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Our research falls, generally, into the following categories:

Plants and Global Change

Plants are intricately linked with their environment. As humans continue to alter the globe, it is critical not only to understand how plants will respond to global changes but also to find strategies to increase food production in light of these changes. To this end, we study, through in-field manipulation of CO2 and plant canopy temperature, the impact of global changes on physiology, growth, and yield of major food crops. This research occurs at the SoyFACE Research Facility, where plants grown under elevated CO2 are exposed to both season-long increases as well as short-duration/high intensity increases in canopy temperatures.

Biogeochemical and Biophysical Interactions Between Plants and their Environment

Plants not only respond to but can make significant impacts on their environment. This coupling between the vegetation and the environment is complex. Our research investigates the complex interactions between vegetation and biogeochemical and biophysical factors associated with ecosystems. The focus on biogeochemical cycles includes the role that plants play in ecosystem carbon and water cycles through large-scale field measurements, as well as the influence of vegetation on other key greenhouse gases.

  • Land Use Change to Accommodate Bioenergy Feedstocks

    Significant opportunities exist to replace fossil fuels with alternative and renewable energy sources. One of the many potential opportunities involves using vegetation as a means to produce energy. In the Midwestern U.S., the perennial grasses Miscanthus and switchgrass have been identified as potentially promising feedstocks. We investigate key differences in ecosystem carbon and water fluxes between these perennial grasses and the tradiational row crops they are replacing. This research is conducted at the University of Illinois Energy Farm.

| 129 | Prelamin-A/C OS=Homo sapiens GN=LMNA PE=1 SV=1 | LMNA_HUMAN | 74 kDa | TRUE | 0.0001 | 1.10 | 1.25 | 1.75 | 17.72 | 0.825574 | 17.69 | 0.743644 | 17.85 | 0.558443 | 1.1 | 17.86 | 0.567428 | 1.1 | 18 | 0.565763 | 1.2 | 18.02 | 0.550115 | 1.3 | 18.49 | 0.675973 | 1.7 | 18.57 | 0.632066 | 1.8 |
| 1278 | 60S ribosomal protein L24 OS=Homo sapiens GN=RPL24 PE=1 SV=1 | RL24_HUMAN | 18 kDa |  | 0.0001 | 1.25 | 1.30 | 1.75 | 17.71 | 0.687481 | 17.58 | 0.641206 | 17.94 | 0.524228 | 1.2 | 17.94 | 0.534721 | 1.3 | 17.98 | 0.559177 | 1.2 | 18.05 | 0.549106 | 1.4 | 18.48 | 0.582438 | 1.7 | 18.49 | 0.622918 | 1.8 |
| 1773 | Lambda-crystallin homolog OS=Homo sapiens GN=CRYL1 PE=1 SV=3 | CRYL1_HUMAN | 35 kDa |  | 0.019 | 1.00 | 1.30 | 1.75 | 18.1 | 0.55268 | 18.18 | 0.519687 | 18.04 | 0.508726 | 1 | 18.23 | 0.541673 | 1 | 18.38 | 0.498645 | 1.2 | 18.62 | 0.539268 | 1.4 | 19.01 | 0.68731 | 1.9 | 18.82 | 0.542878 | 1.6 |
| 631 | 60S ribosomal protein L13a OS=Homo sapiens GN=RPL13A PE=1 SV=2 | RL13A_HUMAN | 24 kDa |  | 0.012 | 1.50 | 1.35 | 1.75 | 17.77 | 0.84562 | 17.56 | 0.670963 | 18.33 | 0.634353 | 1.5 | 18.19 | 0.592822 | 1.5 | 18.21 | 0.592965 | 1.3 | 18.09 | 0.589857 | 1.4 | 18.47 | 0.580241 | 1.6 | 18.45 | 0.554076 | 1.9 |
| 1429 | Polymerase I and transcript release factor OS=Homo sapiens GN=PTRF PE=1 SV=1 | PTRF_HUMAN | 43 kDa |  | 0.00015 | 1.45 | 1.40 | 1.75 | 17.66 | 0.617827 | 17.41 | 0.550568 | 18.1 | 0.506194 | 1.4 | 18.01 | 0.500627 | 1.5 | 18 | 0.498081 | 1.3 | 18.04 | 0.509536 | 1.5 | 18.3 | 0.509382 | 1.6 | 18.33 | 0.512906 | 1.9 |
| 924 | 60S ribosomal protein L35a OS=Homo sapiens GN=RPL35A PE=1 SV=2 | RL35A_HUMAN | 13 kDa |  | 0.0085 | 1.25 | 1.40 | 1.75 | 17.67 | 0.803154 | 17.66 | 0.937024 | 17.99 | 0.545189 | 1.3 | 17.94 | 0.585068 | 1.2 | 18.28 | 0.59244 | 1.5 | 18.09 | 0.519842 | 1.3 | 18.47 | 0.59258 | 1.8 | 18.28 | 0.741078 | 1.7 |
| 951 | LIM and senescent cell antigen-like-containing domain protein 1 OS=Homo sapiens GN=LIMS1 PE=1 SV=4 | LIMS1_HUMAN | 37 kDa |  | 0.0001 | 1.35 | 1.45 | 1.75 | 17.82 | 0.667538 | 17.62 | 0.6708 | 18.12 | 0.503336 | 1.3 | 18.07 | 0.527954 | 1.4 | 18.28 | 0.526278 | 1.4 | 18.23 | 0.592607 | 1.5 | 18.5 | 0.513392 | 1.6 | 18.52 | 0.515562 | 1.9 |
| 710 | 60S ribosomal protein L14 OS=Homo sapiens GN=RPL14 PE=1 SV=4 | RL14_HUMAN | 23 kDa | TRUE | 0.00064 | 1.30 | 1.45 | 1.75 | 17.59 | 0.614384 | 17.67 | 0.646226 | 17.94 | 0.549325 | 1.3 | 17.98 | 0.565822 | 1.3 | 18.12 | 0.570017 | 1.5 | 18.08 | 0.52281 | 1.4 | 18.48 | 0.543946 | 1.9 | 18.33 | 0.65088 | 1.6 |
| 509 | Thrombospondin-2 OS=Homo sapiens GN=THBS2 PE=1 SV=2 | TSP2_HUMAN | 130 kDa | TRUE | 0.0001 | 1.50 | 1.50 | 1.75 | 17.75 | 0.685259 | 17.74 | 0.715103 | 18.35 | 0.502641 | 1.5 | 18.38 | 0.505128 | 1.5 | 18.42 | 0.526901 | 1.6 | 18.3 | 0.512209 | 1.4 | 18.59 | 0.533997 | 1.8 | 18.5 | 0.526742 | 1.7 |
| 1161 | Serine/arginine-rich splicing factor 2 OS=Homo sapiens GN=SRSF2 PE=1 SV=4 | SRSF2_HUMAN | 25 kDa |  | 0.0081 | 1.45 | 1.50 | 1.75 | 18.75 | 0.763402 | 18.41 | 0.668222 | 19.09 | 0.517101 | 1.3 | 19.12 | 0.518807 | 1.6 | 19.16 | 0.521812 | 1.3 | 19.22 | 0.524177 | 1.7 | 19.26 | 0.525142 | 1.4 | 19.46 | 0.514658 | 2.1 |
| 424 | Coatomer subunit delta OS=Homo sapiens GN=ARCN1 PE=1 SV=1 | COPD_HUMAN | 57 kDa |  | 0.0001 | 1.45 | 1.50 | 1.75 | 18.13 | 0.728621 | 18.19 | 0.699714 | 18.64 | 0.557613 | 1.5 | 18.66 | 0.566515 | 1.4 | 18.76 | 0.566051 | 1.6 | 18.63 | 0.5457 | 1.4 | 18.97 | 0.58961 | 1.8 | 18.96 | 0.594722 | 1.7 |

• Grazing and Greenhouse Gas Fluxes

    Management decisions can have a strong influence on fluxes of CO2, methane, and nitrous oxide (the three major greenhouse gases). We conduct research on the influence of grazing intensity on fluxes of these GHGs in subtropical pastures in Central Florida at the Archbold Buck Island Ranch.

  • The interactions between subtropical wetlands and pasture management decisions on greenhouse gas emissions

    Wetlands are known to have a significant impact on greenhouse gas emissions. However, little is known about how management decisions in surrounding agricultural fields can influence these fluxes. We conduct research at the plot and ecosystem scale that seeks to quantify the fluxes of CO2, methane, and nitrous oxide from subtropical wetlands in Florida at the Archbold Buck Island Ranch.

  • High Throughput Field Phenotyping of Major Crops

    Recent interest in the research group is beginning to focus on means by which key phenotypic information from plants growing in the field can be collected in a high-throughput yet inexpensive manner. The focus of our research is linking key physiological measurements using traditional techniques with automated data collection platforms including, but not limited to, ground rovers and UAVs.


    A significant effort in the lab is placed on taking the large datasets collected over a wide range of experiments and integrating this information into mechanistic models. Our modeling ranges over timescales from the second to the century and on spatial scales from the leaf to the Midwest.